Lower Auto Sales Slows Spot Market

A dismal first quarter had auto spot spending down nearly 10% compared to the prior year because auto ad spending moves in lockstep with actual sales of cars and light trucks and those have been trending down. However, even though auto sales are down, they are still at a pretty high level and if 2019 results come in at 16.9 million as predicted, that’s up over 60% in 10 years.

Don’t look for auto advertisers to drive the spot business this year.

According to broadcasters and other spot watchers, the stations’ biggest ad category — it typically accounts for around a quarter of total billings — was flat to slightly down in the second quarter compared to the same quarter last year, and the outlook for the rest of the year is for more of the same, although some optimists believe the category could squeeze out a percentage point of growth.

The lackluster prospects come atop a dismal first quarter, in which auto spending in spot dropped nearly 10% compared to the prior year, according to Kantar Media, which closely tracks the spending. Kantar’s second quarter figures will not be available until around Labor Day.

The problem is that auto ad spending moves in lockstep with actual sales of cars and light trucks and those sales have been trending down, despite the fairly strong economy.

The research firm LMC Automotive is forecasting that about 16.9 million light vehicles will be sold this year, down from about 17.3 million in 2018 and a high of 17.5 million back in 2016.

Bill Rinna, director of Americas vehicle forecasts at LMC, said that while the economy is strong, sales have been affected by higher interest rates, pricing and a disciplined approach to incentives.


“As new vehicles have become more expensive, nearly new and less-expensive off-lease used vehicles are becoming an increasingly more popular option for buyers, which is also putting pressure on new vehicle sales,” Rinna said.

The big factor in the first quarter decline was the tough comps produced by Olympic broadcasts in the first quarter of 2018.

The government shutdown and bad weather in early 2019 were other reasons why auto unit sales got off to a slow start, according to Steven Sturm, the TVB’s executive adviser for automotive.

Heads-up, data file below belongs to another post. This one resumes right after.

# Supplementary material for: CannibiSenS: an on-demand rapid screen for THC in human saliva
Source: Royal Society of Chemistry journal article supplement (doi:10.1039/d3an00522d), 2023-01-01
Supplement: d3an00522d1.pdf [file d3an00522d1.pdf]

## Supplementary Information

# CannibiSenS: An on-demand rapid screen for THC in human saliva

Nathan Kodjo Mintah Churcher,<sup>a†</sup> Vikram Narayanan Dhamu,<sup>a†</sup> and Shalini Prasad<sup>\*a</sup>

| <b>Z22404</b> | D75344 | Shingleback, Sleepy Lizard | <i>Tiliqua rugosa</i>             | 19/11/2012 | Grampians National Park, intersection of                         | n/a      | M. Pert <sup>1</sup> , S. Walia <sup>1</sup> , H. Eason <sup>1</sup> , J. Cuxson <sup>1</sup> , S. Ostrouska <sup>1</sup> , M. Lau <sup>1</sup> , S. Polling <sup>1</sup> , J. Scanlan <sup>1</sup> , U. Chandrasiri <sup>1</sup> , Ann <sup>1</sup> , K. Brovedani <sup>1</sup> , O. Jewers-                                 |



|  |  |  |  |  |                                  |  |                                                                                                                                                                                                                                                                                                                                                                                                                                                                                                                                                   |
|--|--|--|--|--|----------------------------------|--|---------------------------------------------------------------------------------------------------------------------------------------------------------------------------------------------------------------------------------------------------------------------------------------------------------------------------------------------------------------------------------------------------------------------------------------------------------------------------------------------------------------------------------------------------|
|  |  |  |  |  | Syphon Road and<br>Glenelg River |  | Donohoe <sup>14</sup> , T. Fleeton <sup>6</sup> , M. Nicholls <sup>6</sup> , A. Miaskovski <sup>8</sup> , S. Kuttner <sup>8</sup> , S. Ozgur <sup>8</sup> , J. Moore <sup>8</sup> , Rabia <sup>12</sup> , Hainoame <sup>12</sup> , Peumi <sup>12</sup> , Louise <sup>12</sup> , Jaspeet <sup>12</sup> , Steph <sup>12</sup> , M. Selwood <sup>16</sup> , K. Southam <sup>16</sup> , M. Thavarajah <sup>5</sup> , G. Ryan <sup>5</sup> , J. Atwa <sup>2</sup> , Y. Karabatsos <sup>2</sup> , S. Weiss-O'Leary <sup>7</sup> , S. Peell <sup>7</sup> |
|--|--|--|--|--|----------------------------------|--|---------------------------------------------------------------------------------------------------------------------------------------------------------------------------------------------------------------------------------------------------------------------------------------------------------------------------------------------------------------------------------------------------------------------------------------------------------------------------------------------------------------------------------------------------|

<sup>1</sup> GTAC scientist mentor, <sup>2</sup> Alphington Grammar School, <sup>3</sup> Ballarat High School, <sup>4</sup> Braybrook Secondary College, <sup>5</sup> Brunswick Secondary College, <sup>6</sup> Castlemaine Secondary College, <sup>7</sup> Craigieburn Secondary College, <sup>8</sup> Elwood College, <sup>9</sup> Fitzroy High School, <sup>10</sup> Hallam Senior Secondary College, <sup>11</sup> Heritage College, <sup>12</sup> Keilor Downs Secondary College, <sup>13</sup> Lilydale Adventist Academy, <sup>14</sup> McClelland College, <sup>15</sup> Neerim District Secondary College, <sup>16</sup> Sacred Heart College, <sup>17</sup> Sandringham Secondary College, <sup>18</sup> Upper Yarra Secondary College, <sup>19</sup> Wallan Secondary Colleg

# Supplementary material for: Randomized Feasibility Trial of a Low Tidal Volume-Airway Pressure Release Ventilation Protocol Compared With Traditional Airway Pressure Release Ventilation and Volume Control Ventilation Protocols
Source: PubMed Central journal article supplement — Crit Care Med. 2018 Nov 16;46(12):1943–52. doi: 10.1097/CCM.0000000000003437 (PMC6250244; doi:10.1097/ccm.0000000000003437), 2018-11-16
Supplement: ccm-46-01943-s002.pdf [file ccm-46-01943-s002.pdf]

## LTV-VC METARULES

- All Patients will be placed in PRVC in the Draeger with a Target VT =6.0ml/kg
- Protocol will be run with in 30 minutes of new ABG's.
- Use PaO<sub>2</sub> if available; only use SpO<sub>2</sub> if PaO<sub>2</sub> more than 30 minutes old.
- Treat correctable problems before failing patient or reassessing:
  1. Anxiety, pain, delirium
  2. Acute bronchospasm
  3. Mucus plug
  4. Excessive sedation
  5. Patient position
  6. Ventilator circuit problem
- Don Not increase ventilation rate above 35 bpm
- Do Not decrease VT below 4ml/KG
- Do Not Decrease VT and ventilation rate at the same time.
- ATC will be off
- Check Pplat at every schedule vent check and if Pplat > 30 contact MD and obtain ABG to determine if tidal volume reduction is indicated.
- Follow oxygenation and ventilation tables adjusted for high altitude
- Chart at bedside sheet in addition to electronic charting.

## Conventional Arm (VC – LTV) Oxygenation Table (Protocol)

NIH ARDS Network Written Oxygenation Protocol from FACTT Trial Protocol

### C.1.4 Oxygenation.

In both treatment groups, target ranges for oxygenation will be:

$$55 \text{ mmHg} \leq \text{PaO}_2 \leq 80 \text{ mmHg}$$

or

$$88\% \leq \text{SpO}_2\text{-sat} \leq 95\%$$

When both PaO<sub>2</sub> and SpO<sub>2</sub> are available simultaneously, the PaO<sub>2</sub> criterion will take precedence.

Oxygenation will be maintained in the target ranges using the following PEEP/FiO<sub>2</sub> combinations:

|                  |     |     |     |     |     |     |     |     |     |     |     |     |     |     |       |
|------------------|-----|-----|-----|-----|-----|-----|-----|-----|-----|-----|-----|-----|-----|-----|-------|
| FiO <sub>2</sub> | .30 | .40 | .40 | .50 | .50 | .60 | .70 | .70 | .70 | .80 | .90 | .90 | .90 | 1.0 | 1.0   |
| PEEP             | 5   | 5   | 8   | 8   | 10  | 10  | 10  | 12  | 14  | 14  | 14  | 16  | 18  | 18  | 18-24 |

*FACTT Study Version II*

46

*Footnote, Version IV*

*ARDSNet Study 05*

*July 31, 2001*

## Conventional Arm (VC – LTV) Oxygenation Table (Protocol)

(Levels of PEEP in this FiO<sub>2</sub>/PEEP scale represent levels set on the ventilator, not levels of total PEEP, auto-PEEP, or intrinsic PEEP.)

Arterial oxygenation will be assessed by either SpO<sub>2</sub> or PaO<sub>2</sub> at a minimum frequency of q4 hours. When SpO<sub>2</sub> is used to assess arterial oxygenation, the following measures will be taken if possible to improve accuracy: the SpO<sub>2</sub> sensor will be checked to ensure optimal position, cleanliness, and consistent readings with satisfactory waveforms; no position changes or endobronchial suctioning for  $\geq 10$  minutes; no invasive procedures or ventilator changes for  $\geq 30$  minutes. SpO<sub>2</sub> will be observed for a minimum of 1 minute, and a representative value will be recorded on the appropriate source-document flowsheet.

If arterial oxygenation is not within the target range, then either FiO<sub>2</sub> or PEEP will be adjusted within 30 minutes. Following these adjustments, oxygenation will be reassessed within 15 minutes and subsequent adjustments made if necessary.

Workers affected by the shutdown were hesitant to rack up big-ticket expenses like new cars, he believes. Then there’s the fairly high interest rates for car loans in general, no matter the fiscal quarter. It’s now at a pretty hefty average of 6.1%, Sturm said.

In the first quarter, spot TV garnered $328.6 million in Tier 1 (manufacturers) spending, down 5.8% over the same quarter last year. Tier 2 (dealer groups) brought in $253,188,000, down 11.2%. And Tier 3 (local dealers) results were $186,799,000, down 14.7%.

Combined, the three tiers washed up $768,633,000 against the shores of spot TV. That marked a decline of 9.9% over 1Q 2018.

But the situation could definitely have been worse for spot. Sturm’s analysis of Kantar figure shows that on average, media suffered a 19.5% decline, to $2.22 billion, in the auto category. (The figure excludes online video, mobile and internet search.)

Consequently, spot’s share of the auto spending was an unusually high 34.6%, Sturm said. Since he joined TVB about four years ago, he said, the share has been in the 30%-33% range.

There are reasons other than declining auto sales behind the soft outlook for spot in the months ahead.

“TV ratings have seen declines due in part to the declining multichannel universe, cord cutters and lack of major sporting events such as the Olympics,” said Peter Leitzinger, research analyst at S&P Global Market Intelligence’s Kagan unit.

“In regard to Tier 3, some of the auto spend has shifted to the digital side in hopes of targeting those millennial/cord cutter groups — and the added value in using digital data to target potential customers is heightened in times of slowing sales growth,” he added.

There is also the Trump factor. “There’s an ongoing dispute about importing vehicles from Japan and Europe. There’s the potential that Trump could add a 25% duty to those vehicles,” Sturm said. If that were to happen, it could cost the industry about two to three million units in potential auto sales, he said.

“Right now, there’s optimism that there’s a China deal in the making, but who can predict,” he said.

It’s in Tier 3 that Sturm sees the most room for improvement. “The retail side of the business is still very aggressive. When the retail market goes down, it’s a market-share battle between car companies and dealers,” he said. “The local side stays relatively strong, versus the national side.”

Mark Fratrik, SVP and chief economist at BIA Advisory Services, suggests that broadcasters stay positive. Even though auto sales are down, they are “still at a pretty high level.”

Consider, for example, that in 2009 auto sales totaled 10.41 million, according to LMC. So, if 2019 results actually come in at 16.9 million, it would be up over 60% in 10 years.

“With unemployment at 3.6%, you know people are confident about their jobs. There isn’t that much consumer concern about ‘Oh, am I going to make this car payment or not?’ ”

That’s certainly a focus for Nexstar Media Group. During the company’s first quarter earnings call in May, Chairman, President and CEO Perry Sook said that Tier 3 was pacing positively in the second quarter, with a mid-single-digit percentage improvement over same time last year.

Sook allowed that dealers are spending less on advertising than they once did. But, he added: “Our pitch to local dealers is: ‘You don’t need to buy five auto intenders sites because of duplication. Buy one and put the rest of the money into local TV, not only to build your brand, but create awareness for the auto intenders site that you are on.’ ”

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